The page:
Is all this manpower necessary to keep us safe? A greater risk is created, I suggest, if some students avoid calling security in the first place, concerned about overkill. Money would also be saved if CPSO responded with two-man teams.

What do you think?  In April, the university will have a security discussion that will include the question of arming these officers with guns. Tell the university what you think here, or add a comment to this blogpost. You can bone up on the recent task force report on campus safety here.

Cupcake Fiasco

Cupcake Fiasco

Isn’t that cupcake beautiful? It only took two trips to the store and three different people’s kitchenware to produce. When making a box cake mix takes this much effort, it’s extremely obvious that this is my first month having a kitchen.

It’s my first time living away from home, and my kitchen is not that of a chef’s. Even though I have had some difficulties, I have found that if you just ask a friend or a neighbor if they have cooking spray or a bowl big enough to mix in, generally someone will have something they can loan to you for the night.

Don’t be afraid to ask others for help, because otherwise you will have some difficulty making that new pasta recipe if you don’t even have a pot to boil water in.

Failing to Plan is Planning to Fail

A few weeks back, I was low on money and had to budget in order to eat at least once a day. Fortunately, I was helped out by my girlfriend, who kept me alive by buying me meals. I am truly grateful to her for taking care of me. As a student, I have many educational expenses. Books, tuition, and course fees mount up to a huge sum of money. More often than not, a majority of my financial aid and work study money goes to paying off my expenses. My parents earn enough to sustain themselves and cannot support me financially as much as they would want. I have managed fine, but I became careless this summer.

I have been at Portland State for the last three years, only moving back home after my freshman year. Since then,I have stayed in Portland for work and school. I had managed to get a work study position last summer and even took one course. This summer, I managed to do the same. However, I moved to Oregon City at the end of spring term and could only obtain a part-time work study position. I was low on cash and had to even take a small loan out for my added expenses.

I got careless and didn’t plan ahead. I should have looked for another work study position. Honestly, I wanted to take a break and have a relatively mellow summer. But with expenses and bills, I should have known better. However, I am happy to say that I am in full swing this term working and going to school, with a few side projects. A pint of sweat saves a gallon of blood.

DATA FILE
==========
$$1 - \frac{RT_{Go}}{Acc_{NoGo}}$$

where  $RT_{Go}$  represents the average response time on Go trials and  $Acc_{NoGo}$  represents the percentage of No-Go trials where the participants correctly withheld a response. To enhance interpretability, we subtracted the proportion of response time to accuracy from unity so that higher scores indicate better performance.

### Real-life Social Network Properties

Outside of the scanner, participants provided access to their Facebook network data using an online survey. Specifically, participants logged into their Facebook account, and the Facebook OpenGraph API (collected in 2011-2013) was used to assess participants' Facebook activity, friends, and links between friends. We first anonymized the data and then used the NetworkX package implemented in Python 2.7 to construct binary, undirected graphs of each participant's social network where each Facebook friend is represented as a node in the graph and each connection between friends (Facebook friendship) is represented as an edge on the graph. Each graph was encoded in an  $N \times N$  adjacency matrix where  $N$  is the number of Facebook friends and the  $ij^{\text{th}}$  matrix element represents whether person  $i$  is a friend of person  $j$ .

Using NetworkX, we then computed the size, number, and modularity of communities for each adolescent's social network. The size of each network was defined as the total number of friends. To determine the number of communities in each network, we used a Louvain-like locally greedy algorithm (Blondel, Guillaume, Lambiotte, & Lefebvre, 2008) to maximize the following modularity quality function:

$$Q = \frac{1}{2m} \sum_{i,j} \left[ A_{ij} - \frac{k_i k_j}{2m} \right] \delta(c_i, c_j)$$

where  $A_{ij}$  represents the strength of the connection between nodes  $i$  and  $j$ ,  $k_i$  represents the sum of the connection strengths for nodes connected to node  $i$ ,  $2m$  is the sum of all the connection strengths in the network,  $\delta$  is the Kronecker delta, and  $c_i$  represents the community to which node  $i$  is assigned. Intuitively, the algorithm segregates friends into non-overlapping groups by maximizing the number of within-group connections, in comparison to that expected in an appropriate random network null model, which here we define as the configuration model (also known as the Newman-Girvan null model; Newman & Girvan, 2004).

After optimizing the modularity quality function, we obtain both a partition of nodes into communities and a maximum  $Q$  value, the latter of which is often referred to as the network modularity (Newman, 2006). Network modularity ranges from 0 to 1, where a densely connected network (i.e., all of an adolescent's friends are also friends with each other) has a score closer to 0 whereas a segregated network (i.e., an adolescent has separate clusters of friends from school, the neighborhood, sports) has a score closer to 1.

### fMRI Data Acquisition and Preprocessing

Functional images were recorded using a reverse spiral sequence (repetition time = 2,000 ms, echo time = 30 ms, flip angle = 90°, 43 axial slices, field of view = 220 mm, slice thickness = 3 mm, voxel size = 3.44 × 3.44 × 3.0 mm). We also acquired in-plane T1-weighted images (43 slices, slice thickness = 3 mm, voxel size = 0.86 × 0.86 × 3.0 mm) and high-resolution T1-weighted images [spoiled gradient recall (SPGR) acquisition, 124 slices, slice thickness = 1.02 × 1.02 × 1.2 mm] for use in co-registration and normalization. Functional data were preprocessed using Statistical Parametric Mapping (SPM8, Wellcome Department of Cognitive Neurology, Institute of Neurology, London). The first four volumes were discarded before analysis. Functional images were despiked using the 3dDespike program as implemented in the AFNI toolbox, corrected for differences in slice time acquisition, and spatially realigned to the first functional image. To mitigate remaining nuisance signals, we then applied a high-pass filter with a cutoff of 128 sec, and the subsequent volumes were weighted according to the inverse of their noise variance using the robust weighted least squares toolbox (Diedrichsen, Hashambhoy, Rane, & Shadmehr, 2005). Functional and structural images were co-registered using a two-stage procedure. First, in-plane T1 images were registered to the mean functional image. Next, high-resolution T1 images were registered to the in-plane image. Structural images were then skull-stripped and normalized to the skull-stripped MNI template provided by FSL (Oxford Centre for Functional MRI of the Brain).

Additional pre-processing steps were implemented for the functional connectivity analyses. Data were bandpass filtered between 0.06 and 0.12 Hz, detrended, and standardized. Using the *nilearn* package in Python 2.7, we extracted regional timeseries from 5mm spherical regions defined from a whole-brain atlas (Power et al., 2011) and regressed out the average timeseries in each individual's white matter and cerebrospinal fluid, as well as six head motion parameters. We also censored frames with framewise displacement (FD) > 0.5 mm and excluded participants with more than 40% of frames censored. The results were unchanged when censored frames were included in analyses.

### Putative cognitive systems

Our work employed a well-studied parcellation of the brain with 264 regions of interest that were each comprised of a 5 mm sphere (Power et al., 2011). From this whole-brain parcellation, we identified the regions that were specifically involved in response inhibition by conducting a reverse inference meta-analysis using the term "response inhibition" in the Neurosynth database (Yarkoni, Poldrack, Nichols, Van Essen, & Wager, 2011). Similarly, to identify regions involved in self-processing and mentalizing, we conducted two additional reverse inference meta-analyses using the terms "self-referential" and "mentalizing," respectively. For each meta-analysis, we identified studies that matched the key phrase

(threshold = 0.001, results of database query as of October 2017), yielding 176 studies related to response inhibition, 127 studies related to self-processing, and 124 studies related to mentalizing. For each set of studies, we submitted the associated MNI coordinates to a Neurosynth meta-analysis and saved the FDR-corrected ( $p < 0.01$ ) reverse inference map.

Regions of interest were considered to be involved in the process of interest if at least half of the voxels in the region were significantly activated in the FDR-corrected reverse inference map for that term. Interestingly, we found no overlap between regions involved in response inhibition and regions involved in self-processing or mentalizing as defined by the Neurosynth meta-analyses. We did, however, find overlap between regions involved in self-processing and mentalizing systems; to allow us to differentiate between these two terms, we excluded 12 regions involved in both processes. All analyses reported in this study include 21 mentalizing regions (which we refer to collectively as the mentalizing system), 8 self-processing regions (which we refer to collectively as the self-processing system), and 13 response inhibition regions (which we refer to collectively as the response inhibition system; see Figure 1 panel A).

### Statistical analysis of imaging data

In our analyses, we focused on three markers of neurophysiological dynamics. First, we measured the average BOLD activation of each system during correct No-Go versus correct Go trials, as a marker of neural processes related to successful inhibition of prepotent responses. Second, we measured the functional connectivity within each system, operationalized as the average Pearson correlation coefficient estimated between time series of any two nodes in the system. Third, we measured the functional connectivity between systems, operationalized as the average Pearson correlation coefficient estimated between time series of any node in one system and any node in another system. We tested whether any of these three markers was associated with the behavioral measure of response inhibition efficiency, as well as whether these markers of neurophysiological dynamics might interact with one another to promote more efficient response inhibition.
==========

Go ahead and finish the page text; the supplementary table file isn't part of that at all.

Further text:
Living in University Pointe

It is that time of year, again. A new school year, new classes, and for me, a new place to live.

University Pointe, the new on-campus 16-floor apartment building, is finally open for lease to all students this fall. The apartments definitely surpassed my expectations of a typical apartment. My roommates and I chose the private four-bedroom and two-bathroom option. It is fully furnished, with lots of personal and community amenities. It is definitely an upgrade from my first-year shared room when I lived in the Broadway dormitory. With my own room and no RA, I enjoy my own independence and privacy. However, there are Community assistants and on-site staff to help whenever it is needed.

There is a controversy with the cost of the apartments. For my four-bedroom room, it is $599 per person. Compared to apartments in the surrounding Portland area, the cost averages around $300-600 per person (rent.com). Before I decided to live in the apartments, I considered these off-campus alternatives in Clackamas, Beaverton, and other areas in Portland. Ultimately, I chose University Pointe because it was conveniently on-campus, therefore, saving a few hundred bucks from not purchasing a parking permit or transit pass. In addition, the utilities are all included in the rent.

If you are looking for a place to live on or off campus, check out these sites:

  • pdx.edu/housing/buildings
  • portland.craigslist.org/apa
  • rent.com
  • apartments.com
  • univpointe.com

A Night in the Life of a Resident Assistant

It’s 10 p.m. on a school night. Most of you will probably be home, studying, or finishing a night with friends, but for a few students on campus, their night is just beginning. These students are on-call Resident Assistants (R.As).

Do, beep, do, beep, do, do, do….The phone is ringing and I’ve just begun my night on-call. I pick up and the voice on the other end says, “Hey, I’m locked out of my room.”  I walk a few blocks in the rain to get to their building, the entire time my mind is on the fact that I still have to finish the last few pages of my essay due at 9 a.m.  I let them in and then continue on my rounds, checking to make sure that all the doors are locked, nothing’s amiss. Ew! What did I just touch? One of the handles is covered in a semi-opaque, slimy, sticky substance. Suppressing my gag reflex, I head to the nearest office to find a sink and some hand sanitizer. I go back to clean up the mess and hope to never find out what I just touched. Something tells me I don’t want to know the answer.

The night goes pretty smoothly as I finish both sets of rounds. There’s the call I seem to get every week complaining about the upstairs neighbors, so I write another information report.  All I hope for is no call from Campus Public Safety, as last time they called about a party with underage high schoolers, and the week before it ended up with somebody in the hospital. Those calls are always the worst. Finally, I fall asleep around 1 a.m., but it is of course too good to be true; the phone rings again at 4 a.m., waking me from a dead sleep. The alarm is set for 6:30 and I still have to finish that paper.